Joey Fitz’s Hero Fetish

In our little editorial warren here at Boston magazine, we have a cubicle wall which we call “The Wall of Ignominy.” On it are many ignominious press clippings pertaining to everything from a college student with *NSync hair weeping over a casket packed with the carcass of Jerry Falwell, to a story about a cop who tried to shoot a snake and ended up hitting a boy. Herald columnist Joe Fitzgerald factors prominently on the wall of ignominy.

This isn’t so much for his generally dyspeptic attitude and gay-bashing, as it is for his incessant humping of the hero theme. Fitz’s column yesterday—titled “The counsel of heroes stays with you for a lifetime“—did it again. We thought this called for a two-year retrospective. Here then, is Fitz’s Hall of Heroes:

8/20/05: “Millie was a hero to a lot of people.”

9/7/05: “Tom Reilly has a chance to be a hero to a lot of disenfranchised people, and all it would require is for him to do the right thing.”

10/8/2005: “More than a few of them, he was told, came to regard him as a personal hero. ‘It’s interesting you use the word hero,’ he said. ‘I believe one of the things young people still need is heroes, and frankly I’m not sure some of the heroes they’re looking at today are going to be the true heroes of their future, the ones they’re going to want to thank when they look back years from now.'”

12/7/05: “Two Boston homicide detectives had called on his behalf, asking if he could meet his hero, Reggie Lewis, the late Celtics star.”

1/16/06: “If you want a crash course in what made [ML] King a personal hero at this address, read Taylor Branch’s ‘Parting The Waters,’ a breathtaking biography.”

1/23/06: “That column was followed by a piece on Dr. Martin Luther King Jr., a personal hero at this address.”

8/7/06: “His death notices called him a journalist, but Dave Farrell was more than that; indeed, he was a consummate newspaperman, and a personal hero to this writer whom he hired here 36 years ago, back when we were corporately known as the Boston Herald Traveler.”

8/19/06: “Jewell, a security guard at those Games, had originally been hailed as a hero for spotting the bomb and steering citizens away from it before it exploded, killing one and injuring 111 others.”

9/11/06: “Photographer Matt West was about to be sent to cover the story, except he was already on his way as the son of Peter West, whom he regarded as ‘my hero,’ a municipal bond trader on the 104th floor of the first tower hit.”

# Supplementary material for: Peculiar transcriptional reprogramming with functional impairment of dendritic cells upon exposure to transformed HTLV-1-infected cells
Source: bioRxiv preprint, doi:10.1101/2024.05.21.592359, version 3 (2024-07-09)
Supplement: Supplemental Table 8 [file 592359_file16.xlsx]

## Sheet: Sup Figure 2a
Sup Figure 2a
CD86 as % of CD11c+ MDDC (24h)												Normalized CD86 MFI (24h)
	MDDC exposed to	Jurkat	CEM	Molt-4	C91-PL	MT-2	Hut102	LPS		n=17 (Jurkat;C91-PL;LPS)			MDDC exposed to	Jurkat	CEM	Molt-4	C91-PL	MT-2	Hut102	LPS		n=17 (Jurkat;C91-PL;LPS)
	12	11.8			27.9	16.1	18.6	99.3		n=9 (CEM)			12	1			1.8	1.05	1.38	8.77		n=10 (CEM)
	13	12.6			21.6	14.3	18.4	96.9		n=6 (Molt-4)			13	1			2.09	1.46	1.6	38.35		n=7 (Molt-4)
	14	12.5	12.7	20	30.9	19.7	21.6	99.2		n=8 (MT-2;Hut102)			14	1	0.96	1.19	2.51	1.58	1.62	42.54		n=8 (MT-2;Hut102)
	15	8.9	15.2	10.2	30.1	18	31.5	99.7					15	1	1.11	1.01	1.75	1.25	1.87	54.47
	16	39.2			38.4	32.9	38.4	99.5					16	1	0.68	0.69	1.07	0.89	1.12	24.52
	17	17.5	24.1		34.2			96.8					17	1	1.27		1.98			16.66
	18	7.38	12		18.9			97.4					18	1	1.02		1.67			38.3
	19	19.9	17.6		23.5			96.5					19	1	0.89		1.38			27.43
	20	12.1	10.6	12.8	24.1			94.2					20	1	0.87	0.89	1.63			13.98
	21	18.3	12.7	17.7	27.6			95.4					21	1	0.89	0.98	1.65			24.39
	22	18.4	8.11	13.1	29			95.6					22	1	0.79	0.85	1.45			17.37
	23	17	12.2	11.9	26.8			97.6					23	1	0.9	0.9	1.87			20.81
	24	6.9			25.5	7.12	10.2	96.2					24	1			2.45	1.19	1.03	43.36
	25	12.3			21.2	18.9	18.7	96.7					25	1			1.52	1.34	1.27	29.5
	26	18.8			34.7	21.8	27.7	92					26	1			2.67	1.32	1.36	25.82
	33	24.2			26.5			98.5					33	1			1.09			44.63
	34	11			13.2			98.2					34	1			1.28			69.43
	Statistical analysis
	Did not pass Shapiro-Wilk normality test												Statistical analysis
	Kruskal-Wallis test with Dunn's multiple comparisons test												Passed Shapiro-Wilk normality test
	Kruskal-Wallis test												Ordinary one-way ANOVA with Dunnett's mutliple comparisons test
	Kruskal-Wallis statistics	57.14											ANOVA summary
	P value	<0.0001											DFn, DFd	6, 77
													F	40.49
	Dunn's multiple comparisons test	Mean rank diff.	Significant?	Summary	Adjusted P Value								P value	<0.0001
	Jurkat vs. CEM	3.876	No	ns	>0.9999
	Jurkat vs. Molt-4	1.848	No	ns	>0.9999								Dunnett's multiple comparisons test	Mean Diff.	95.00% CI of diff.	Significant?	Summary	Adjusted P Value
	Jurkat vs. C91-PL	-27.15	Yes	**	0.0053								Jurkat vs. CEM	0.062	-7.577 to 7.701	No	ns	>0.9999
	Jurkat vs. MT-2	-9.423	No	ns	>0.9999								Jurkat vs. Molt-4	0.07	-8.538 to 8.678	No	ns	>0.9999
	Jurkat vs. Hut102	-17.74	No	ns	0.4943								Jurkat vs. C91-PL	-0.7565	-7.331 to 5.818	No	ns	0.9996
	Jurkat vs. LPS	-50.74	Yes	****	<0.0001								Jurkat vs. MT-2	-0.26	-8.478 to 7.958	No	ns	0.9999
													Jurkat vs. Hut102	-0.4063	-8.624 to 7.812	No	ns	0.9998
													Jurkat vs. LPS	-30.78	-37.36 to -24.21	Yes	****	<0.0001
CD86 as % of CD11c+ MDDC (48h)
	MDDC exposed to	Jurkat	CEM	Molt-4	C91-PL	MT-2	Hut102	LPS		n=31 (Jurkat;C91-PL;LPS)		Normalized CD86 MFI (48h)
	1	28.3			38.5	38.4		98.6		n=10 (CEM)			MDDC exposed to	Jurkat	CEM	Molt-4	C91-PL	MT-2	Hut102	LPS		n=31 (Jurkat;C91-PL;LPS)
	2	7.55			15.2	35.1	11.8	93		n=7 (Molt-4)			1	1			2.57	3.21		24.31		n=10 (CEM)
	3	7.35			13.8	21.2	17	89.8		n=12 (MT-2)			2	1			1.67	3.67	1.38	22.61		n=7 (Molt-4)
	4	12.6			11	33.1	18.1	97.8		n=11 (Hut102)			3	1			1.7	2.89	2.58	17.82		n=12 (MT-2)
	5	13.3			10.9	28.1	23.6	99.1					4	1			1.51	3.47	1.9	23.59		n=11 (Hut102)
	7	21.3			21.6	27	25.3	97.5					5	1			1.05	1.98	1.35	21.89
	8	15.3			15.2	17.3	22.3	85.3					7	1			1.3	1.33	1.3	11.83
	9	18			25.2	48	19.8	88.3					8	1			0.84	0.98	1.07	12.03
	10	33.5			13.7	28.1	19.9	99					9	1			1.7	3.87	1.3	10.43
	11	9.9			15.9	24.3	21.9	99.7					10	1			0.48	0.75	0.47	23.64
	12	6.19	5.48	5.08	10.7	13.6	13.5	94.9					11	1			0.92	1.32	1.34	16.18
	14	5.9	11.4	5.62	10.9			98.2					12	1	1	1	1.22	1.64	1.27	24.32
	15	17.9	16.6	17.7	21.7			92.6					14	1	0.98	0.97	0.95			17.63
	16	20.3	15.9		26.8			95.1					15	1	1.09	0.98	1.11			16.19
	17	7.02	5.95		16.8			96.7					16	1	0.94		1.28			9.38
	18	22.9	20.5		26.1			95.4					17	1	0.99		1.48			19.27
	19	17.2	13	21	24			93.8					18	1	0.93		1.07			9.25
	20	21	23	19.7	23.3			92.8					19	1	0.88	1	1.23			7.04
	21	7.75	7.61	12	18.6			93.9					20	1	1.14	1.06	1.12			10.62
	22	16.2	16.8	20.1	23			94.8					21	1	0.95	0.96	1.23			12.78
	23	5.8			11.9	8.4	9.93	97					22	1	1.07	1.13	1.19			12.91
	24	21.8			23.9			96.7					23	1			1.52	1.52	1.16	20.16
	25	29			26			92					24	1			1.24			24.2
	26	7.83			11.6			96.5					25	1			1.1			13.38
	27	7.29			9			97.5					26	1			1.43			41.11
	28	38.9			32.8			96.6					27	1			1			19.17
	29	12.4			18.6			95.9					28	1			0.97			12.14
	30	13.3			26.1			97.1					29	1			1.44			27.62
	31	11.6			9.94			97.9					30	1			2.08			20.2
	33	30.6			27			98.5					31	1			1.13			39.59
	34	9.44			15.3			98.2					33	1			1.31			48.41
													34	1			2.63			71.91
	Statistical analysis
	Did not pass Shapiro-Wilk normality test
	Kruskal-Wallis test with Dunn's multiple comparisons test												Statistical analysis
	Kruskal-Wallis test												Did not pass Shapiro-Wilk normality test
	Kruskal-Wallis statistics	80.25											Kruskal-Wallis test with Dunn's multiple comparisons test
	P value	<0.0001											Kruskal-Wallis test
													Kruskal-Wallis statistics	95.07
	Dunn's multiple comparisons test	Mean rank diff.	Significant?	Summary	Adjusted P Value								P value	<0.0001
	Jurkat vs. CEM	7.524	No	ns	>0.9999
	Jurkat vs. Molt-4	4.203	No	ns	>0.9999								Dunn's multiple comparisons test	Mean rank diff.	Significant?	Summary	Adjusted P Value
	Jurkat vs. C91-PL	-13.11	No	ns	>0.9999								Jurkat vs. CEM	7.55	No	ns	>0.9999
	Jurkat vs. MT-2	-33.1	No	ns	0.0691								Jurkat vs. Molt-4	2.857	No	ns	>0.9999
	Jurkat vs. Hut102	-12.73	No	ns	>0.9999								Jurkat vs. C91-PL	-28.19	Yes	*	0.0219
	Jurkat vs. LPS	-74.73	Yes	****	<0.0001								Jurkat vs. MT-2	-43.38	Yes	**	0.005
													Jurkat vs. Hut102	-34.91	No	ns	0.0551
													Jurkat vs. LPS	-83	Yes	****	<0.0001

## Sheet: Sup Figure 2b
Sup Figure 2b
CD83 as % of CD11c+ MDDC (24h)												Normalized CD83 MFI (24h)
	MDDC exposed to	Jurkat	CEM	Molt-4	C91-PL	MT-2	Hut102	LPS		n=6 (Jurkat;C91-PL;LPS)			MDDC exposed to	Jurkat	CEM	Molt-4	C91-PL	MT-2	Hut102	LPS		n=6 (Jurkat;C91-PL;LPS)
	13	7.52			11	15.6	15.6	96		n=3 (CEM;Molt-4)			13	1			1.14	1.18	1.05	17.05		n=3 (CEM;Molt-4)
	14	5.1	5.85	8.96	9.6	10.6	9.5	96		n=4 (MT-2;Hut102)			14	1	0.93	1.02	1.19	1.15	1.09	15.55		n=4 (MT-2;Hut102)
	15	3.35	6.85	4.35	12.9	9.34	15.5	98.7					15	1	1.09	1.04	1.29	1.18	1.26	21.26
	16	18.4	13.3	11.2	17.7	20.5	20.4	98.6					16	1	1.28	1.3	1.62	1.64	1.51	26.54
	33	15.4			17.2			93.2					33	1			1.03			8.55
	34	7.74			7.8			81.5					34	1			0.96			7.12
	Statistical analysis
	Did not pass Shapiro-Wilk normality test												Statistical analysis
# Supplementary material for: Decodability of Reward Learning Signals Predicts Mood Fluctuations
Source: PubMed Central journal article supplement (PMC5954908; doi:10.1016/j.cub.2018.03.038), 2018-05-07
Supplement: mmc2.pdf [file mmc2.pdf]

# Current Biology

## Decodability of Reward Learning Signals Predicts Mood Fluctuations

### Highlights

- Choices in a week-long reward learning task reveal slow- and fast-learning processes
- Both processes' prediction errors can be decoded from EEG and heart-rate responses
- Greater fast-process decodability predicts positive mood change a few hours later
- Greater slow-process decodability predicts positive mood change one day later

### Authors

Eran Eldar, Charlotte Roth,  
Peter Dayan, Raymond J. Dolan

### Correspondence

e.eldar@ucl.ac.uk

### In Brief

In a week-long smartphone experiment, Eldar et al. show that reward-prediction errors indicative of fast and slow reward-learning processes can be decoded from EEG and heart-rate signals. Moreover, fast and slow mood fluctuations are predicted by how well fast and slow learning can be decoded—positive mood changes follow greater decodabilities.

9/23/06: “‘But other than that, I don’t think I ever saw my father when he wasn’t whistling with a grin on his face. Whenever I was with him I could feel a calmness falling over me. My mother called him a saint, but to me he was my hero.'”

10/28/06: “[ML] King was a personal hero at this address, where his memory is honored and his impact endures.”

10/30/06: “‘I feel sorry for kids today,’ he once noted. ‘When I was a kid we had heroes. Today kids have celebrities. There’s a big difference. We used to admire performance. Now we admire flair.’ Red made that observation in a book we did together, never even imagining he was a hero of mine.”

11/27/06: “It’s also no surprise he’s their hero.”

12/13/06: “Some smiled and others nodded their heads, fully aware the work they do, while every bit as perilous, does not get the same respect firefighters enjoy, unless of course a cop dies, in which case everyone’s quick to acknowledge he was indeed a hero.”

2/7/07: “That’s what Alex Fuller did, and that’s why his little girl will always have the distinction of being the daughter of an American hero.”

4/11/07: “‘I can still see the way he looked at me,’ he recalled 10 months later, upon hearing that Adam had died. ‘He couldn’t take his eyes off the uniform, as if I were some kind of a hero.'”

6/18/07: “Jeff Colby went to visit his hero yesterday, though that’s not the way he might have expressed it if you’d met him years ago. ‘Like every 17-year-old,’ this Boston Arts Academy music teacher recalled with dismay, ‘I thought I knew more than my father. In fact, I thought he was foolish in many ways. But as years went by I began looking at him differently, realizing how lucky I was to have him, how truly extraordinary he was. He went from being my father to being my friend to being my hero.'”

6/30/07: “Bootsie Harris remembers the day her hero stood where she stood yesterday, in the eye of a thunderous ovation, as colleagues, friends and proteges gathered to bestow a touch of immortality.”